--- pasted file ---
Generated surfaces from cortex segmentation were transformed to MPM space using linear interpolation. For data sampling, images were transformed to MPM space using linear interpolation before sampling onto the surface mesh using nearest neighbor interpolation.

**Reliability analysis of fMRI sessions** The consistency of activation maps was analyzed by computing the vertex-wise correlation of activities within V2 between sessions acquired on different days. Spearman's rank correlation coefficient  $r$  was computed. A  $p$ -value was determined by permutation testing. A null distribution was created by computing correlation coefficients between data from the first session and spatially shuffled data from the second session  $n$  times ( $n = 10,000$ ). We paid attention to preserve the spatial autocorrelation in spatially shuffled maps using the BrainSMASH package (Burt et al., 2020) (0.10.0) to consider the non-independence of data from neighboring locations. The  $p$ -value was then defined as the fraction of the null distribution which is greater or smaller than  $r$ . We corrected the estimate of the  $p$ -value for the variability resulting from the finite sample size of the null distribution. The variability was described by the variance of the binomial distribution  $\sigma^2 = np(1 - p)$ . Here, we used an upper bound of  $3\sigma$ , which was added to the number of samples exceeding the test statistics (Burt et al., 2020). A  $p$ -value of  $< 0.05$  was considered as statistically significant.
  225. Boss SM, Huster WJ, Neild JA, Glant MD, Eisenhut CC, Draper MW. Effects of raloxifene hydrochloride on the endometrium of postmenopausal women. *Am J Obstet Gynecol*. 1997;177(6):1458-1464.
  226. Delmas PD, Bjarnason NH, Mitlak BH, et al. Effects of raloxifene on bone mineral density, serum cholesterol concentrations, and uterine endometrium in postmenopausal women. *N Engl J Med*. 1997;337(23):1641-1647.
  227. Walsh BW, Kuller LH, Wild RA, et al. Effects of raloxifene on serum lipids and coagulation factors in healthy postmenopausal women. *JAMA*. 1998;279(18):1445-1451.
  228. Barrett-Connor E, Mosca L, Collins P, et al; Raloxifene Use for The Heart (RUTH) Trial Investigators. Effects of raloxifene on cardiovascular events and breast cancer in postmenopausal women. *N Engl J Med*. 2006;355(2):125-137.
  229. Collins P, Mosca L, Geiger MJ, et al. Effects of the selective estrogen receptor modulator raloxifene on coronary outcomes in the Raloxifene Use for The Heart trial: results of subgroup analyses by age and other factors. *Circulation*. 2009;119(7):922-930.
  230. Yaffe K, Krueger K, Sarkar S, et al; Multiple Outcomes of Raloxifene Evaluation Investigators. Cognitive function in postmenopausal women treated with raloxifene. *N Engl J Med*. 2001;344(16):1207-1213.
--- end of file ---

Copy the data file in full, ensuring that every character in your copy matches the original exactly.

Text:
Generated surfaces from cortex segmentation were transformed to MPM space using linear interpolation. For data sampling, images were transformed to MPM space using linear interpolation before sampling onto the surface mesh using nearest neighbor interpolation.

**Reliability analysis of fMRI sessions** The consistency of activation maps was analyzed by computing the vertex-wise correlation of activities within V2 between sessions acquired on different days. Spearman's rank correlation coefficient  $r$  was computed. A  $p$ -value was determined by permutation testing. A null distribution was created by computing correlation coefficients between data from the first session and spatially shuffled data from the second session  $n$  times ( $n = 10,000$ ). We paid attention to preserve the spatial autocorrelation in spatially shuffled maps using the BrainSMASH package (Burt et al., 2020) (0.10.0) to consider the non-independence of data from neighboring locations. The  $p$ -value was then defined as the fraction of the null distribution which is greater or smaller than  $r$ . We corrected the estimate of the  $p$ -value for the variability resulting from the finite sample size of the null distribution. The variability was described by the variance of the binomial distribution  $\sigma^2 = np(1 - p)$ . Here, we used an upper bound of  $3\sigma$ , which was added to the number of samples exceeding the test statistics (Burt et al., 2020). A  $p$ -value of  $< 0.05$  was considered as statistically significant.
  225. Boss SM, Huster WJ, Neild JA, Glant MD, Eisenhut CC, Draper MW. Effects of raloxifene hydrochloride on the endometrium of postmenopausal women. *Am J Obstet Gynecol*. 1997;177(6):1458-1464.
  226. Delmas PD, Bjarnason NH, Mitlak BH, et al. Effects of raloxifene on bone mineral density, serum cholesterol concentrations, and uterine endometrium in postmenopausal women. *N Engl J Med*. 1997;337(23):1641-1647.
  227. Walsh BW, Kuller LH, Wild RA, et al. Effects of raloxifene on serum lipids and coagulation factors in healthy postmenopausal women. *JAMA*. 1998;279(18):1445-1451.
  228. Barrett-Connor E, Mosca L, Collins P, et al; Raloxifene Use for The Heart (RUTH) Trial Investigators. Effects of raloxifene on cardiovascular events and breast cancer in postmenopausal women. *N Engl J Med*. 2006;355(2):125-137.
  229. Collins P, Mosca L, Geiger MJ, et al. Effects of the selective estrogen receptor modulator raloxifene on coronary outcomes in the Raloxifene Use for The Heart trial: results of subgroup analyses by age and other factors. *Circulation*. 2009;119(7):922-930.
  230. Yaffe K, Krueger K, Sarkar S, et al; Multiple Outcomes of Raloxifene Evaluation Investigators. Cognitive function in postmenopausal women treated with raloxifene. *N Engl J Med*. 2001;344(16):1207-1213.